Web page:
Conservative Catholics question pope's approach
Rattled by Pope Francis' admonishment to Catholics not to be “obsessed” by doctrine, his stated reluctance to judge gay priests and his apparent willingness to engage just about anyone — including atheists — many conservative Catholics are doing what only recently seemed unthinkable: They are openly questioning the pope.
Concern among traditionalists began building soon after Francis was elected this spring. Almost immediately, the new pope told non-Catholic and atheist journalists he would bless them silently out of respect. Soon after, he eschewed Vatican practice and included women in a foot-washing ceremony.
The wary traditionalists became critical when, in an interview a few weeks ago, Francis said Catholics shouldn't be “obsessed” with imposing doctrines, including on gay marriage and abortion.
This month, Francis told an atheist journalist that people should follow good and fight evil as they “conceive” of them.
These remarks followed an interview with journalists this summer aboard the papal airplane in which the pope declared that it is not his role to judge someone who is gay “if they accept the Lord and have good will.”
Never mind that the pope has made clear his acceptance of church doctrine, which regards homosexuality and abortion as sins and bans women from the priesthood. Behind the growing skepticism is the fear in some quarters that Francis's all-embracing style and spontaneous speech, so open as it is to interpretation, are undoing decades of church efforts to speak clearly on Catholic teachings.
Some conservatives believe that the pope is undermining them at a time when they are being sidelined by an increasingly secular culture.
“When abortion rights group NARAL sends you a thank-you note, it's clear something got miscommunicated,” said Robert Royal, president of the think tank Faith & Reason.
Francis is “a remarkable man, no one would deny that,” Royal said. “But I'm not sure if he cares about being accurate. He gets into an (evangelizing) dynamic with people, and that seems to be the most important thing. ... In some ways, it makes people very anxious. If you do this, what's the next thing?”
During the previous three decades, Popes John Paul II and Benedict shared a focus: Make orthodox teachings crystal-clear so Catholics don't get lost in an increasingly messy, relativistic world.
Catholics also became accustomed to popes who were largely speaking to “the Church,” rather than the public. They often communicated in the language of Catholic theology, and through books, not through long, freewheeling interviews, as does Pope Francis.
“In the past, everything you heard from a pope was prepared or formally released. And that was intentional — not to say anything ad hoc. And it's also intentional that this one does,” said Phil Lawler, editor of Catholic World News, a conservative news agency. “I think his entire focus is outside the church. That's huge.”
Show commenting policy
TribLive commenting policy
You are solely responsible for your comments and by using TribLive.com you agree to our Terms of Service.
We moderate comments. Our goal is to provide substantive commentary for a general readership. By screening submissions, we provide a space where readers can share intelligent and informed commentary that enhances the quality of our news and information.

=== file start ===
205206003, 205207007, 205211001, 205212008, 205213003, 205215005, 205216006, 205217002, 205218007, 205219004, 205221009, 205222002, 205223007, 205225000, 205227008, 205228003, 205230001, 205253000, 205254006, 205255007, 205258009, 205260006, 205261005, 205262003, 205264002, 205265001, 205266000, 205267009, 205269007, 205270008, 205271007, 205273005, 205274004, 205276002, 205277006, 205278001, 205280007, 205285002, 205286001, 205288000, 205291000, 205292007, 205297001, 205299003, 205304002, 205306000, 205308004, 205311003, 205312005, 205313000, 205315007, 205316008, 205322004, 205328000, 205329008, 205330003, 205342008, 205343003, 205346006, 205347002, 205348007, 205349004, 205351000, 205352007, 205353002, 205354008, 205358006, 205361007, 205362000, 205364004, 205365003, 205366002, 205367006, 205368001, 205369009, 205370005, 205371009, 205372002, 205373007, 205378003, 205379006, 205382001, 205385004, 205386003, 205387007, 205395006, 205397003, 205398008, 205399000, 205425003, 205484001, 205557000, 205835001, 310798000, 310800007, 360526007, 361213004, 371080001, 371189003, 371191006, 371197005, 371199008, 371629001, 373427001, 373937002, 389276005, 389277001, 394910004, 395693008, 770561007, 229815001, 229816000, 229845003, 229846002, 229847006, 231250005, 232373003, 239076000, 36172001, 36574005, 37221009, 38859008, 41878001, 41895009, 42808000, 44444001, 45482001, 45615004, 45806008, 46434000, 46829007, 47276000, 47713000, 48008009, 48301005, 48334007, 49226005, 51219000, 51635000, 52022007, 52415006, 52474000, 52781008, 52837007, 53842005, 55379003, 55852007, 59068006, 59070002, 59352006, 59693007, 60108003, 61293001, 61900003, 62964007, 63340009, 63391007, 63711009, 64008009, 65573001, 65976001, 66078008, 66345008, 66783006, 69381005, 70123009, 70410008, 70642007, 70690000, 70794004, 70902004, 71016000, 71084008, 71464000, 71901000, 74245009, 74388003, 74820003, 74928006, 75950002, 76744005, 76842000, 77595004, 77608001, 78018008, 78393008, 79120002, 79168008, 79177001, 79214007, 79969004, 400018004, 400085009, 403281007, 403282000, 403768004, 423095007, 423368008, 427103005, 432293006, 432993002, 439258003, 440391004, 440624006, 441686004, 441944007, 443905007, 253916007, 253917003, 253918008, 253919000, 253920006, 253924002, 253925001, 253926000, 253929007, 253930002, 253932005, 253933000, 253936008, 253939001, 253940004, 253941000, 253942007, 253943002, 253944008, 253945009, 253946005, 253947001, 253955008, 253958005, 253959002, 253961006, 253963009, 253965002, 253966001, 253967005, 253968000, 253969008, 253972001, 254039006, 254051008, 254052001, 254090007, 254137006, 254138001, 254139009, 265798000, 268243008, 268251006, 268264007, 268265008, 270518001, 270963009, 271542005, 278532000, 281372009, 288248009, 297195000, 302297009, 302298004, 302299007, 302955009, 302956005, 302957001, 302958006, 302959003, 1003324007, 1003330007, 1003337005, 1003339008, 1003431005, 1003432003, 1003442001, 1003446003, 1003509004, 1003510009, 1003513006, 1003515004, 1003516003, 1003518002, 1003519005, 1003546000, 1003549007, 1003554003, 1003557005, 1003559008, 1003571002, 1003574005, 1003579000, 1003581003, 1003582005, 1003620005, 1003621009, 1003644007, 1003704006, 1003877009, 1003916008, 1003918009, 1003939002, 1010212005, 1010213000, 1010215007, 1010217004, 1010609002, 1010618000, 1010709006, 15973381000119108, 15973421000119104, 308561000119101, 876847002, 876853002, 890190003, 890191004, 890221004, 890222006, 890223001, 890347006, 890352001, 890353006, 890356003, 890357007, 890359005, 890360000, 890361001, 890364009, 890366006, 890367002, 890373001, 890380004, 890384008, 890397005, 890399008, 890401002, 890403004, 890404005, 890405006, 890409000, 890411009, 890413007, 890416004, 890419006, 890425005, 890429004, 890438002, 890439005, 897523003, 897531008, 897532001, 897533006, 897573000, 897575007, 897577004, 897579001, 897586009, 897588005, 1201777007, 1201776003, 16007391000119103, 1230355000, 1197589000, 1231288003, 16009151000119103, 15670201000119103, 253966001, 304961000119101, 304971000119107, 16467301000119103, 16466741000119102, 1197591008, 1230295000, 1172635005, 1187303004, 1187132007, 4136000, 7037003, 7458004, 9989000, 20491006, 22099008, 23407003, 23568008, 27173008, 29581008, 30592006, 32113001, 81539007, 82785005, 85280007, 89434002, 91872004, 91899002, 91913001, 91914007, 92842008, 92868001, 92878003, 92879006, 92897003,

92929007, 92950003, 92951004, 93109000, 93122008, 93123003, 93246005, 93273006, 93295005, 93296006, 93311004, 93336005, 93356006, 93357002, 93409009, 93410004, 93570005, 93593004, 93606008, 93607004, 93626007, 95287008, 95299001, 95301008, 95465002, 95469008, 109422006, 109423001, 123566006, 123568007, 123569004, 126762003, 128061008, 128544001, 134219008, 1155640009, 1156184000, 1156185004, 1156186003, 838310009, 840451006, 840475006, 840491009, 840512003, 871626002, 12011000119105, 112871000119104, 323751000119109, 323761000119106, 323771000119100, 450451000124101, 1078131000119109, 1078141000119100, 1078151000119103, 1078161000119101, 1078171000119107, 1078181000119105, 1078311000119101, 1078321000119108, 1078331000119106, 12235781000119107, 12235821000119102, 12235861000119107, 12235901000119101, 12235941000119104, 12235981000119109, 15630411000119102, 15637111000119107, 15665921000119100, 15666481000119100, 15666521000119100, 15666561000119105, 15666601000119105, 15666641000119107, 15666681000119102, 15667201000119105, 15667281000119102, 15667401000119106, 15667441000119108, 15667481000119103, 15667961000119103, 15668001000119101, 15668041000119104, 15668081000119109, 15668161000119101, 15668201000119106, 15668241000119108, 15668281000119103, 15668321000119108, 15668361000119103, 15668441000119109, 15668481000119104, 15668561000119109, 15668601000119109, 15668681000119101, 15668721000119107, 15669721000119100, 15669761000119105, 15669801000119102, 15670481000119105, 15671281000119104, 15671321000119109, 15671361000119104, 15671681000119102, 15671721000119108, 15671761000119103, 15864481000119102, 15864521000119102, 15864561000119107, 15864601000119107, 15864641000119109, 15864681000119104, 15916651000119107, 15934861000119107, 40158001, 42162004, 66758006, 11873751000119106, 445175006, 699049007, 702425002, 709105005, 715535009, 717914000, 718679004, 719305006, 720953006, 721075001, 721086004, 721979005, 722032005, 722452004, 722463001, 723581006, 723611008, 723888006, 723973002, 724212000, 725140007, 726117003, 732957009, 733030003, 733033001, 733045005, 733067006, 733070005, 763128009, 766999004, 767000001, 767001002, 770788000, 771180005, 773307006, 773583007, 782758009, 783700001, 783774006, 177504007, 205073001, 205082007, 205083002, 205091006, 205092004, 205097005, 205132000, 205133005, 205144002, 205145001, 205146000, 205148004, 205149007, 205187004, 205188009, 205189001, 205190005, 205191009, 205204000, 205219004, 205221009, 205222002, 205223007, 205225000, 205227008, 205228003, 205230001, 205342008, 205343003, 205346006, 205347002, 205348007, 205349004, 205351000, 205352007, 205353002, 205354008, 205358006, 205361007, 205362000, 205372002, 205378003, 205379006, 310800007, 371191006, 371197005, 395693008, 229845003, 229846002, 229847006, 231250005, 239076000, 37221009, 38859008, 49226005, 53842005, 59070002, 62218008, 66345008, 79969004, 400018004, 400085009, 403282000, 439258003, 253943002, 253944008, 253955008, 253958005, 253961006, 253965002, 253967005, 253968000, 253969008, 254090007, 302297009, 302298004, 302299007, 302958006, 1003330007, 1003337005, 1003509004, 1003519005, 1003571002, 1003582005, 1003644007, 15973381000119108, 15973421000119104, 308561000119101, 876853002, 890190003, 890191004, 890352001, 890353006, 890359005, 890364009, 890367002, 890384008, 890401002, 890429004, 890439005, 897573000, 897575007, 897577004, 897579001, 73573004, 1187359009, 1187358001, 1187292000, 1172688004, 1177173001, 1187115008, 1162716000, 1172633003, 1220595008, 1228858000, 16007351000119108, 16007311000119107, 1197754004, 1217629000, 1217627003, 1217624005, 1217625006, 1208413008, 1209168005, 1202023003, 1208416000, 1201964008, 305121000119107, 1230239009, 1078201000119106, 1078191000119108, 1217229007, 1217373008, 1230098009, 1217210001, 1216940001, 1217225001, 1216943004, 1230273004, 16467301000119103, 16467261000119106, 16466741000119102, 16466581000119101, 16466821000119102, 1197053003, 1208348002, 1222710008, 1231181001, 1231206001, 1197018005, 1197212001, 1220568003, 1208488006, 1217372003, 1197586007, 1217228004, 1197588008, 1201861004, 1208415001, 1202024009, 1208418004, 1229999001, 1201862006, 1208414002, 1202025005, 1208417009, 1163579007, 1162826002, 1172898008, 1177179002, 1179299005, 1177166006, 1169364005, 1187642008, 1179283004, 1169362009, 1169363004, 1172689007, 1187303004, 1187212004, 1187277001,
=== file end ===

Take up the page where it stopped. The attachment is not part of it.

While most comments will be posted if they are on-topic and not abusive, moderating decisions are subjective. We will make them as carefully and consistently as we can. Because of the volume of reader comments, we cannot review individual moderation decisions with readers.
We value thoughtful comments representing a range of views that make their point quickly and politely. We make an effort to protect discussions from repeated comments either by the same reader or different readers.
We follow the same standards for taste as the daily newspaper. A few things we won't tolerate: personal attacks, obscenity, vulgarity, profanity (including expletives and letters followed by dashes), commercial promotion, impersonations, incoherence, proselytizing and SHOUTING. Don't include URLs to Web sites.
We do not edit comments. They are either approved or deleted. We reserve the right to edit a comment that is quoted or excerpted in an article. In this case, we may fix spelling and punctuation.
We welcome strong opinions and criticism of our work, but we don't want comments to become bogged down with discussions of our policies and we will moderate accordingly.
We appreciate it when readers and people quoted in articles or blog posts point out errors of fact or emphasis and will investigate all assertions. But these suggestions should be sent via e-mail. To avoid distracting other readers, we won't publish comments that suggest a correction. Instead, corrections will be made in a blog post or in an article.
- Greek Prime Minister Tsipras in tenuous position with referendum on bailout deal
- Iraq, ISIS urge Turks to release dam water
- Pakistani military says it achieved major victory over Islamist terrorists
- Fallout of potential Greek default on eurozone feared
- Mosque bomber was Saudi, Kuwait claims
- Saudi prince will donate all wealth, $32B worth
- Egypt unleashes assault by air, land
- Russians decry U.S. description in new policy
- Wave of attacks sets Israelis on edge
- Tunisia imposes state of emergency after terrorist attacks
- Egypt foiled extremist ‘state’ in Sinai, president says